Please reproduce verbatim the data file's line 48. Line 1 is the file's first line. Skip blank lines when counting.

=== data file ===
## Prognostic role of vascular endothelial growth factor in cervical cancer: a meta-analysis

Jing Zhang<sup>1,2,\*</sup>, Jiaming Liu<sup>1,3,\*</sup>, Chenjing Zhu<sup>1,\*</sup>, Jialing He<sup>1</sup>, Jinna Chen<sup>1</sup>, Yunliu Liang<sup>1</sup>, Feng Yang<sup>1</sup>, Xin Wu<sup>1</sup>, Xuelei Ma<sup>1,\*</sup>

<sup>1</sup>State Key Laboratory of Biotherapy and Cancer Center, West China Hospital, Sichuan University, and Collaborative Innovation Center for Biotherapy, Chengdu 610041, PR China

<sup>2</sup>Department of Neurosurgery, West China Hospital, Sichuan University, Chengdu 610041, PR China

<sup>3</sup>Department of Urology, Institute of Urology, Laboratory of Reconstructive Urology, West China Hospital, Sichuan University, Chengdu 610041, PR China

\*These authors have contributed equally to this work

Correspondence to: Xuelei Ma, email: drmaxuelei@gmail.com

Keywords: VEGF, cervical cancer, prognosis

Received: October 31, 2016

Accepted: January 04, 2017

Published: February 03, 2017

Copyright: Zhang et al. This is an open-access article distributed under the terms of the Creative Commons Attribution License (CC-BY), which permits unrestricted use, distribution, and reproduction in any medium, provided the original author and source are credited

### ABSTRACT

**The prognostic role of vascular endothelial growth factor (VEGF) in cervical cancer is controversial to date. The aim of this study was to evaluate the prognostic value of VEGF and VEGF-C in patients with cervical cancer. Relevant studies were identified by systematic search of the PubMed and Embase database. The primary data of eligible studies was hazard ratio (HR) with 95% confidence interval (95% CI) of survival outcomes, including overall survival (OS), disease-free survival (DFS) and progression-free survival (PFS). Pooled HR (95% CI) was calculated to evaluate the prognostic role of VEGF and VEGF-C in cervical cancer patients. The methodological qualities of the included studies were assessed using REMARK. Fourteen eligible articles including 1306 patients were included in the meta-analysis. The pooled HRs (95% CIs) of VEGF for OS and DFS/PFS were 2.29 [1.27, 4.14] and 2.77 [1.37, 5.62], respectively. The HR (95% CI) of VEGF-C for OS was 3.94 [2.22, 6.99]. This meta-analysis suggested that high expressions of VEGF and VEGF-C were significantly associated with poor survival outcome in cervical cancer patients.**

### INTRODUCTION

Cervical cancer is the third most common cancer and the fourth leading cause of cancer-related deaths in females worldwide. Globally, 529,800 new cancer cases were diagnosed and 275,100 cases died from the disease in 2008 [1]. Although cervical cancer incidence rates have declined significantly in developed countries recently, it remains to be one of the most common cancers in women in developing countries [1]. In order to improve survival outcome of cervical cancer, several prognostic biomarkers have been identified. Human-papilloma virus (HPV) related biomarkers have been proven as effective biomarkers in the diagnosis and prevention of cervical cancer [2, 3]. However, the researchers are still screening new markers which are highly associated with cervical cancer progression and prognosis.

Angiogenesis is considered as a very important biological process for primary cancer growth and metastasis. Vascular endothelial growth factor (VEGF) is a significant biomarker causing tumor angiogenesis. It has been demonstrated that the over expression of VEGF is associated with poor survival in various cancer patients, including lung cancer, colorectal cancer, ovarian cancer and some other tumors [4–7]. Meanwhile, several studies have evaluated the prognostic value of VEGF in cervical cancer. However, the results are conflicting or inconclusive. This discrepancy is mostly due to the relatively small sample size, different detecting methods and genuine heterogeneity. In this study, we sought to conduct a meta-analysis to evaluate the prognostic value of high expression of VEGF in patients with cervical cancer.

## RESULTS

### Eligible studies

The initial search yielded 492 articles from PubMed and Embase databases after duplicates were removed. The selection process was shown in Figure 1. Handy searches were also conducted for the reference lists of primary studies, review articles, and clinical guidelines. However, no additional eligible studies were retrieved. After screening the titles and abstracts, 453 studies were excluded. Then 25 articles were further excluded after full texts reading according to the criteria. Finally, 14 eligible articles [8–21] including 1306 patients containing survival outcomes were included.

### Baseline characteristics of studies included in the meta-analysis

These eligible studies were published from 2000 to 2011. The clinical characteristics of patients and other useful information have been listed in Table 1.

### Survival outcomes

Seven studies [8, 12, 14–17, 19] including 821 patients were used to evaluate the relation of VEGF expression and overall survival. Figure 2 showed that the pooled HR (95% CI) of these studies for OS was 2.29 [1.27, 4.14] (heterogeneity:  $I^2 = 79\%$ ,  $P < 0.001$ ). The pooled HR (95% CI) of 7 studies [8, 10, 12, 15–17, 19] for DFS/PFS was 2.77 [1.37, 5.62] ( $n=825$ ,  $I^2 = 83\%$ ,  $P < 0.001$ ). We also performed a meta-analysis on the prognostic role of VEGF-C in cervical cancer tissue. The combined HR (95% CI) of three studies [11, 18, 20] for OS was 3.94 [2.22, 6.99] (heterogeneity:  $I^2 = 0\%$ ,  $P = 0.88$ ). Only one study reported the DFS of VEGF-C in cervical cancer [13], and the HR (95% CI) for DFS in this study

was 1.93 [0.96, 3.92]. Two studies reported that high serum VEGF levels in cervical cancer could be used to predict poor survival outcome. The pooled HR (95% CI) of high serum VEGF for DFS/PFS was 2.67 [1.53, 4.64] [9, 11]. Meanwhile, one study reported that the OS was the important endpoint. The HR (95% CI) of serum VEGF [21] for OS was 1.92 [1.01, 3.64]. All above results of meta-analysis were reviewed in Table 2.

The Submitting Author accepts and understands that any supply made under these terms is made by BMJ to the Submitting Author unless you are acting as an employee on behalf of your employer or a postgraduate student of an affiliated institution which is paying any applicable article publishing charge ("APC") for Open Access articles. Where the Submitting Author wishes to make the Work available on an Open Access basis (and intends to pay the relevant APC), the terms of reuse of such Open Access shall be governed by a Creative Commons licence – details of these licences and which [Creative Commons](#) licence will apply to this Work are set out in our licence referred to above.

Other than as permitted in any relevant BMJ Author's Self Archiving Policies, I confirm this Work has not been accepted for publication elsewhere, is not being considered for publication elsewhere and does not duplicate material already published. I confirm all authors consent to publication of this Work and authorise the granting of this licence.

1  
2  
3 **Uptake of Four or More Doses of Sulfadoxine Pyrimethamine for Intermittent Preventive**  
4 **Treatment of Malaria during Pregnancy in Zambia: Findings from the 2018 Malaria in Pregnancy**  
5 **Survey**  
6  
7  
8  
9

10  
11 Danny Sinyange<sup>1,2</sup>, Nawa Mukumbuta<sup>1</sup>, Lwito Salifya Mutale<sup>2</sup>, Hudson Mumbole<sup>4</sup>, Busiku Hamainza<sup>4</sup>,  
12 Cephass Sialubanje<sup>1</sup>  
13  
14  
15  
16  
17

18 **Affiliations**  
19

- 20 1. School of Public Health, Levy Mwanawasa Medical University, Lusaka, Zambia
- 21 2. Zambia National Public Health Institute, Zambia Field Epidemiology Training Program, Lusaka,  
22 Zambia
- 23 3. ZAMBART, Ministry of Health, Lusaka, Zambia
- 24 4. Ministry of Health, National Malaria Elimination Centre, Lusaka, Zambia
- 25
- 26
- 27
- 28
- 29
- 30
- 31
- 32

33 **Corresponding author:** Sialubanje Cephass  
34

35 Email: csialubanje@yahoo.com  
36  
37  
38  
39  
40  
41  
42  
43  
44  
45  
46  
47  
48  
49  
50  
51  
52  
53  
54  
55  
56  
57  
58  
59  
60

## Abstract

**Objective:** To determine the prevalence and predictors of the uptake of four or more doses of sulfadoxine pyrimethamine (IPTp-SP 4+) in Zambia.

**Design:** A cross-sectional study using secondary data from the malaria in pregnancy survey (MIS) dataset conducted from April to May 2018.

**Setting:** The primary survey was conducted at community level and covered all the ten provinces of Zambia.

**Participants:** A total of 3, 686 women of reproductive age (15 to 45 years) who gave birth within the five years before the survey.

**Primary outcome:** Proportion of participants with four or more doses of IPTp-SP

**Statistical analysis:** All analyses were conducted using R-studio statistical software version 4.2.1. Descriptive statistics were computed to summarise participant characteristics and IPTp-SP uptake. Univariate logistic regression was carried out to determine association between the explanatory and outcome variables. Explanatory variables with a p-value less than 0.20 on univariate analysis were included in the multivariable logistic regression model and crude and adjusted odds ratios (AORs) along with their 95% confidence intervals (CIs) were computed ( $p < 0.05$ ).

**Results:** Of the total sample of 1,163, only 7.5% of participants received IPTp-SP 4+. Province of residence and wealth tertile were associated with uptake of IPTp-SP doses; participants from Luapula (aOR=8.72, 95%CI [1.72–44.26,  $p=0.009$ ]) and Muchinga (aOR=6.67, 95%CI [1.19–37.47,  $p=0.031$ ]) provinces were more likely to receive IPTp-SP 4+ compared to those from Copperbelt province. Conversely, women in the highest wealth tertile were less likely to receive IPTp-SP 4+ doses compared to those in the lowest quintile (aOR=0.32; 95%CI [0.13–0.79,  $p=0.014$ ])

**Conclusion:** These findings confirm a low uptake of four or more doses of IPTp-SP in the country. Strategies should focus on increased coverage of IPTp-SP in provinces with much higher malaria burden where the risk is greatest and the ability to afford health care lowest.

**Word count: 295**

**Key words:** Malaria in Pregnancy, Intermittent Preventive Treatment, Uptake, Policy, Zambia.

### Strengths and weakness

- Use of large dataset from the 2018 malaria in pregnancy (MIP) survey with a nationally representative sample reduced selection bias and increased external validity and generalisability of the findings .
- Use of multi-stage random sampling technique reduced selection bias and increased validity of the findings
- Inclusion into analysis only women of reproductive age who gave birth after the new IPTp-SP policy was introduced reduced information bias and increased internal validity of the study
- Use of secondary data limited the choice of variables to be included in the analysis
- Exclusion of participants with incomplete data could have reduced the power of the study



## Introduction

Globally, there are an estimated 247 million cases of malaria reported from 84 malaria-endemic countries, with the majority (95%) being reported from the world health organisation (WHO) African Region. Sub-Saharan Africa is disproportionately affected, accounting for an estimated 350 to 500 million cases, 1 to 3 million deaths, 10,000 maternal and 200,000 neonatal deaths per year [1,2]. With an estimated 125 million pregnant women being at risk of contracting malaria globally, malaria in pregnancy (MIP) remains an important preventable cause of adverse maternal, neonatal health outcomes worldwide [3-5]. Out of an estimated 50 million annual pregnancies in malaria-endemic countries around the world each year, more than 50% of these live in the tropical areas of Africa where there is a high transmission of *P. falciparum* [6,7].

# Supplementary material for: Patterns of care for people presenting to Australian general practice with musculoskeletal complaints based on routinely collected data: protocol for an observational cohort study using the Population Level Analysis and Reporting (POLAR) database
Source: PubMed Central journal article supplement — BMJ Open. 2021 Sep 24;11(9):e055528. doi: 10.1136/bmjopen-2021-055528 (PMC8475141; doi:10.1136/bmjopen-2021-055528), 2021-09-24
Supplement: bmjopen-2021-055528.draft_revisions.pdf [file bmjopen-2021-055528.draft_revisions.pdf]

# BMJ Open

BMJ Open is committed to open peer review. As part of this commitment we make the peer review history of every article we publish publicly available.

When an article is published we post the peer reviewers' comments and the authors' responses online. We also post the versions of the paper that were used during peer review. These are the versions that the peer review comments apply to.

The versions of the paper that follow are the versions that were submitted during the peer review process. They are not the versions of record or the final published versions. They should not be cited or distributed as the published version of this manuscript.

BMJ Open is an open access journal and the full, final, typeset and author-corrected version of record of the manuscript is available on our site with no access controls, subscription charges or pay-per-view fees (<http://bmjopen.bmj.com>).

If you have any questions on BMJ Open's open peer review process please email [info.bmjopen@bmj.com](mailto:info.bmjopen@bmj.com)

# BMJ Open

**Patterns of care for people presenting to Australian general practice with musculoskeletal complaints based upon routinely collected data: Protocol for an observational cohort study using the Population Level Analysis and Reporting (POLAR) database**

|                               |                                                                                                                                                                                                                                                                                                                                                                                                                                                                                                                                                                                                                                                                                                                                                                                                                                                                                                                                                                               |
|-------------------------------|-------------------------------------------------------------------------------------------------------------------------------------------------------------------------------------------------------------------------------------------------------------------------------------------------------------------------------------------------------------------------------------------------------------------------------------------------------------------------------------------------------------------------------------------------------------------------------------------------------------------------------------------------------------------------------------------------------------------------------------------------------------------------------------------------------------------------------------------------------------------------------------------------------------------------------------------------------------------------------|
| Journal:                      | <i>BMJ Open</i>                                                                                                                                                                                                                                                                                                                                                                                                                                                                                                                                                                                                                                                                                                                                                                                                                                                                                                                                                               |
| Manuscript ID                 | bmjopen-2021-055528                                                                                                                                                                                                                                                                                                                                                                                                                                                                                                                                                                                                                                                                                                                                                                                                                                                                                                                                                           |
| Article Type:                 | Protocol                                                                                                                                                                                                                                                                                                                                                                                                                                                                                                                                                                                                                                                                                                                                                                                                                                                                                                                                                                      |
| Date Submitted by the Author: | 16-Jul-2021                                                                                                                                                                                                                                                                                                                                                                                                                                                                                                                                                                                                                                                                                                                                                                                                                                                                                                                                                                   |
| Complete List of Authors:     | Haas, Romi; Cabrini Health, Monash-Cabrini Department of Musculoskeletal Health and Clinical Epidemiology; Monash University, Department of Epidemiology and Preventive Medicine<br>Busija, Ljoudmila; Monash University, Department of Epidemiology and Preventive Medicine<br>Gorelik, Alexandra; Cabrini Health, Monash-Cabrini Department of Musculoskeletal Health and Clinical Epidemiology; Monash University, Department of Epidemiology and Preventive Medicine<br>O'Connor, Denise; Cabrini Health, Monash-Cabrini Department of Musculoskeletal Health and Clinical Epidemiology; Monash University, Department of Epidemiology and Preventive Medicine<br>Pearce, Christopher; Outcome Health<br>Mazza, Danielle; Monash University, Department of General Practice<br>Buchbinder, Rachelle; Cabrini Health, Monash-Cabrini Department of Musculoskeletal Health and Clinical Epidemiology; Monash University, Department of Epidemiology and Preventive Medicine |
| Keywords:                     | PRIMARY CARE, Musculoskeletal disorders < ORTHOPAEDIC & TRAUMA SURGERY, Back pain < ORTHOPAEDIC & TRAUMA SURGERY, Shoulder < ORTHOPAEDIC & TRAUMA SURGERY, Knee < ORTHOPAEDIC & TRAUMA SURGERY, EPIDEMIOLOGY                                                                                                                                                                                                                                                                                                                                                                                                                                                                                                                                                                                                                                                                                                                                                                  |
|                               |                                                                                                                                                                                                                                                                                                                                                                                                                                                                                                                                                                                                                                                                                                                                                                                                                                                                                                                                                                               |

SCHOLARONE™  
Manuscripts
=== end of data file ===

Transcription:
- 21 2. Zambia National Public Health Institute, Zambia Field Epidemiology Training Program, Lusaka,  